4) Pivot your self-identity to embrace your future self. If you want improve your health ask yourself, “What would a healthy person do in this circumstance?” Take small steps to reinforce the new you. Your identity will change as you prove it to yourself with evidence based on your new behaviors. Even though I’ve published a novel, I still felt like an imposter when I introduced myself as a writer. Now I write 5 days a week and I’ve become a writer.

“Good habits can make rational sense, but if they conflict with your identity, you will fail to put them into action.” James Clear

5) Have a clear goal. Make sure your goal is Specific, Measurable, Achievable, Realistic and Time specific. (SMART) If you have too many competing goals, you don’t know where to focus your effort.

6) What are the consequences of not trying? Will you regret your inaction? Will you make yourself more miserable if you don’t? If you don’t quit smoking cigarettes will you damage your health and shorten your life?

7) Take personal responsibility for the consequences of your inaction. If you keep smoking and develop lung cancer, who will you blame?

8) Design the steps to achieve that goal. If you don’t know how you’re going to get there, you won’t even start.

9) Develop your confidence. To achieve your goal, you need to believe in yourself. The best way to do that is to get some small easy wins under your belt and have a team of friends or family who will support you.

10) If you don’t believe in yourself, get professional help. Talk to your doctor about a nicotine patch, join a quit smoking program or hire a counselor with expertise on how to quit smoking. For this example on smoking, here’s a link to the CDC quit smoking website.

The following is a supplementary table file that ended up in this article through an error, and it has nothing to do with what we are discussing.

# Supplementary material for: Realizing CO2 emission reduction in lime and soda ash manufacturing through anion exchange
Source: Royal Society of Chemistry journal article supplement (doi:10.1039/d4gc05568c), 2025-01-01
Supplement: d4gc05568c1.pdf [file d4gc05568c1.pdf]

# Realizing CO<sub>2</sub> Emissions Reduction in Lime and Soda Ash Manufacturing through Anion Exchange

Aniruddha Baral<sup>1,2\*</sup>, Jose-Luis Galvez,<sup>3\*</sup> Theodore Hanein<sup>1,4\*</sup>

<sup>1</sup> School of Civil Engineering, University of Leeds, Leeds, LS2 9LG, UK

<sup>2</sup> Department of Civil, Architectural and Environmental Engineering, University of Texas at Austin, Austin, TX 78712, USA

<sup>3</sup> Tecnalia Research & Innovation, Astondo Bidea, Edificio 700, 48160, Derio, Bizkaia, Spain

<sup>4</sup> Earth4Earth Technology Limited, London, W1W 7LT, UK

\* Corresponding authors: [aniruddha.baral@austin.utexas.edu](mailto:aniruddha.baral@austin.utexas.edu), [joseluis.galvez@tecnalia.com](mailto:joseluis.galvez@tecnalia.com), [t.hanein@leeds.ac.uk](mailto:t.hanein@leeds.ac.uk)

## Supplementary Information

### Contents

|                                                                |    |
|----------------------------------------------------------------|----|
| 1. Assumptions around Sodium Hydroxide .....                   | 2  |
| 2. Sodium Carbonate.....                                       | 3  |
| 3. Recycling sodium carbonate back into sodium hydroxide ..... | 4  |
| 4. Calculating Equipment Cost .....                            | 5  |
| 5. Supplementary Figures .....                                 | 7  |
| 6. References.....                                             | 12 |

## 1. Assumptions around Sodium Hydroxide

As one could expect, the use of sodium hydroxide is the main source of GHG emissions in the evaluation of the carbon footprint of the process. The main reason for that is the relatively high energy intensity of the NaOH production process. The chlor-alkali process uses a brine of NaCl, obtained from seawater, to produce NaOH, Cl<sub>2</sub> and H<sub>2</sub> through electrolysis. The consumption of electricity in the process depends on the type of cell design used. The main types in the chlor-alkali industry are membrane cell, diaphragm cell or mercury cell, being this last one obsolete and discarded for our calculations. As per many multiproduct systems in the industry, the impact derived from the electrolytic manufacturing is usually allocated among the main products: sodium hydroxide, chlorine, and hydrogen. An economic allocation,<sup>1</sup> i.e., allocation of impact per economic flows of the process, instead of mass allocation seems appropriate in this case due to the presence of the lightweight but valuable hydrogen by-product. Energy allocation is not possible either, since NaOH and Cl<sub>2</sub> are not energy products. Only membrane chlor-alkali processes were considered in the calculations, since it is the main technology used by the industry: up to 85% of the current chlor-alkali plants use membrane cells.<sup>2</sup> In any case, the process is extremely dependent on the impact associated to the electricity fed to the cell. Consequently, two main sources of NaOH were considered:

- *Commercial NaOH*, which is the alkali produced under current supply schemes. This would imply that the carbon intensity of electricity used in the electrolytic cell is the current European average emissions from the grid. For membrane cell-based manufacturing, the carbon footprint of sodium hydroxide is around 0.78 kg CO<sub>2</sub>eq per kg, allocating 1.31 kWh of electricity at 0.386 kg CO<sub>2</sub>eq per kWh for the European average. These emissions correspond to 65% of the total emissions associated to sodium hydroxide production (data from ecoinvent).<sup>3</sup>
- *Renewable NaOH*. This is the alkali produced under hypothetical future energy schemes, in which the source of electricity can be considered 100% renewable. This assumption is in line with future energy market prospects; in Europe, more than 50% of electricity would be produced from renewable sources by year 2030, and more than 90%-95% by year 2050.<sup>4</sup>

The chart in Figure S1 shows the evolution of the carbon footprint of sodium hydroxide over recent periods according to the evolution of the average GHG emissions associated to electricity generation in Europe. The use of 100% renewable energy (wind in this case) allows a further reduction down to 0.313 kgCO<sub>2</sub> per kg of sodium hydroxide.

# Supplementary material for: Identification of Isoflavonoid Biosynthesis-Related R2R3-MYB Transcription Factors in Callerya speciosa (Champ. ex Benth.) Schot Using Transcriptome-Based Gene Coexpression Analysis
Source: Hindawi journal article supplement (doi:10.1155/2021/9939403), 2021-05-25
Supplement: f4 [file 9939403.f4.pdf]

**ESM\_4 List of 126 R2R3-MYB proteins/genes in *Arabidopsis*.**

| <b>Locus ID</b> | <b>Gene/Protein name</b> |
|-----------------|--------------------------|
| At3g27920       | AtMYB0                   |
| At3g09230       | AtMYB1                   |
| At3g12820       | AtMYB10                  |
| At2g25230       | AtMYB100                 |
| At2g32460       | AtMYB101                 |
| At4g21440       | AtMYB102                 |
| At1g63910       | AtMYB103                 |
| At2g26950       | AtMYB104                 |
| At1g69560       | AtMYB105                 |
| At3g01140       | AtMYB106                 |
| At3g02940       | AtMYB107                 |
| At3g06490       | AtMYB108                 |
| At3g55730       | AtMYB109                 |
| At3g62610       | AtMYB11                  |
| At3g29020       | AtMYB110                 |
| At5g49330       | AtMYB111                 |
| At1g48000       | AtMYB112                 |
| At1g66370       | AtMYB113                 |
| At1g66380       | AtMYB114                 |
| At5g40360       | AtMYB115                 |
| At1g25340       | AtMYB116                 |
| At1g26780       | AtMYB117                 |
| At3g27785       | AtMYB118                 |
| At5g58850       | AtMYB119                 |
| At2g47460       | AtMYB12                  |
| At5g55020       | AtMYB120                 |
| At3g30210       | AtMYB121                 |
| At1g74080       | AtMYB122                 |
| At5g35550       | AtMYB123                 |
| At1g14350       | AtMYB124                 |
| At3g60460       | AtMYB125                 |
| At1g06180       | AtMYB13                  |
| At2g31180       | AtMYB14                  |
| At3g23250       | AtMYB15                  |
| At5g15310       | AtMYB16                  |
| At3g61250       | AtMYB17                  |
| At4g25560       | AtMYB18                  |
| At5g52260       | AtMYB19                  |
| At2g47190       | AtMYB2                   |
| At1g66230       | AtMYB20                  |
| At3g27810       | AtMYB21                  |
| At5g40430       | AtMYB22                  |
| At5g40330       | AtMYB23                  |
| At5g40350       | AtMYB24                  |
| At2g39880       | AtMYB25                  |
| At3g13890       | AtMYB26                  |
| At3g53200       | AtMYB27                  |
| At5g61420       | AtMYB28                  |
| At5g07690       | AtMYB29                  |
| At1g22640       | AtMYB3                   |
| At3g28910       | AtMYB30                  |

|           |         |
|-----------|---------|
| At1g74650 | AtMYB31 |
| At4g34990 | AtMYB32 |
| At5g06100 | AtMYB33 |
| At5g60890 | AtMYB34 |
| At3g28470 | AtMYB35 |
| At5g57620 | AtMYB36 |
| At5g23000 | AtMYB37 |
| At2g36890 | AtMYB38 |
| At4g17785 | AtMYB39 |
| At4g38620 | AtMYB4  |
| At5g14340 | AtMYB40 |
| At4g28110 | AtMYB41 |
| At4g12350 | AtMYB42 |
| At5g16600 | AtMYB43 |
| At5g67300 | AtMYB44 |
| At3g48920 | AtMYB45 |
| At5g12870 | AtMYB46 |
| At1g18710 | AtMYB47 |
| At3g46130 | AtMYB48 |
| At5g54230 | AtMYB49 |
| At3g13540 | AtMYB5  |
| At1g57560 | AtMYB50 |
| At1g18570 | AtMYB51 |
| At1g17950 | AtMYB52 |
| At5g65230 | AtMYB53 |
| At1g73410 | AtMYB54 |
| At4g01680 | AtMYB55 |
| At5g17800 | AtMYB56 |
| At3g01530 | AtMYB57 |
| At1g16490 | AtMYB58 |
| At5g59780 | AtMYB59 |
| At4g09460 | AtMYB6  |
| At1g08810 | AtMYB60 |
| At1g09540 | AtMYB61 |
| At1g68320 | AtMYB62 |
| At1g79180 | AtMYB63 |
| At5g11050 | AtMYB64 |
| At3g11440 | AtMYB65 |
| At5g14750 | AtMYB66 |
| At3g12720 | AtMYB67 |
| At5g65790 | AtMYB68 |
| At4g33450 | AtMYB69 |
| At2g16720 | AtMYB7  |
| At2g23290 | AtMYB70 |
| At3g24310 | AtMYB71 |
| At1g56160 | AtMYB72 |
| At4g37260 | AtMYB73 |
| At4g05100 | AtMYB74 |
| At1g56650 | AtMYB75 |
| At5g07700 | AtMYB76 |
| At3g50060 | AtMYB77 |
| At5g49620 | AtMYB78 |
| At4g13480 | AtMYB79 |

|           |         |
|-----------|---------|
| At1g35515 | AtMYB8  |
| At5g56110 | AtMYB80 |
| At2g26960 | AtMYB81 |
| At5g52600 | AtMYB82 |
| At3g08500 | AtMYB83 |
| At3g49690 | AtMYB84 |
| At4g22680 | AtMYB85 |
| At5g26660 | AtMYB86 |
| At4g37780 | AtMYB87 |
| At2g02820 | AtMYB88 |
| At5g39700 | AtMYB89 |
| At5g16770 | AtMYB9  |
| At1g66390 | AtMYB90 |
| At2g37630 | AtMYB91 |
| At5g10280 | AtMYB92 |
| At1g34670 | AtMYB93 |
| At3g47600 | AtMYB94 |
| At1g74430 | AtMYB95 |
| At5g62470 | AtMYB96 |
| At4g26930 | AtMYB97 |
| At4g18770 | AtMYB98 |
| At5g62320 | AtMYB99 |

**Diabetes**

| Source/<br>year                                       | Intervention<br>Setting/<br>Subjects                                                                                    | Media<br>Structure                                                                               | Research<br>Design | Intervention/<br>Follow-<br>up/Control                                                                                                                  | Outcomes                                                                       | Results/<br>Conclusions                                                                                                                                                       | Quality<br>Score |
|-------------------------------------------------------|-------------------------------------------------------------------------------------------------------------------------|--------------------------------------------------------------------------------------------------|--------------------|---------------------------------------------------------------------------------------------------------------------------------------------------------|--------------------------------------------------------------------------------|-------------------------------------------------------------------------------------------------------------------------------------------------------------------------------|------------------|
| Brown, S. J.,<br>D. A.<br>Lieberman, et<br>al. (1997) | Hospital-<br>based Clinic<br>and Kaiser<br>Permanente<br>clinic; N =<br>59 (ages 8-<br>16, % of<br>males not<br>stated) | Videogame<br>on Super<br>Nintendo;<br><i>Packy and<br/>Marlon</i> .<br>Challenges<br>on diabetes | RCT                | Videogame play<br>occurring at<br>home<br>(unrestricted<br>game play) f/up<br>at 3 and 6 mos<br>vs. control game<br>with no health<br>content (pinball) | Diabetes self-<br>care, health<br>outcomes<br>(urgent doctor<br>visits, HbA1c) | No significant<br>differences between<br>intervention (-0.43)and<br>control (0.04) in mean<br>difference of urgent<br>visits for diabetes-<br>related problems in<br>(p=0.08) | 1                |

11) Learn to say no. In order to achieve a challenging goal, you need to eliminate distractions, tasks and people that compete with your focus and attention. If your #1 goal is to stop smoking, you need to say no to going out with your drinking buddies on Friday night and smoking with them.

“We are kept from our goal not by obstacles but by a clear path to a lesser goal.” Robert Brault

12) Design your environment so it’s easy to accomplish what you want. It’s called choice architecture, designing your environment so the choices you desire are the path of least resistance. The steps involved are simple. 1) Find a trigger to cue you to start your new habit. (E.G. When I finish eating, I will help my spouse do the dishes instead of lighting a cigarette.) It’s much easier to replace a bad habit than to eliminate it. 2) Make the behavior you want easy to initiate. (Tell your spouse you are going to stop smoking (emotional support) and you will do dishes instead of lighting up after dinner. 3) Remove barriers and distractions. (remove ashtrays, matches and all cigarettes from your house.) 4) Reward yourself when you follow through. (Go for a walk with your wife after you’ve finished doing the dishes.) 5) If you slip up, make the cost of your smoking public and painful. Make a $100 contribution to a politician you hate every time you light up. 6) Find an accountability partner to help you stay on track.

“We are what we repeatedly do. Excellence, then, is not an act, but a habit.” Will Durant

Stay curious. Be humble. Laugh often.

Gary Gilberg is an executive/life/retirement coach who helps clients make the hard changes in their lives. If you want to learn the 4 most common retirement planning mistakes, click on this link.



Gary Gilberg

Gary Gilberg is a certified coach, writer and ski bum, not necessarily in that order. Sign up for his free newsletters at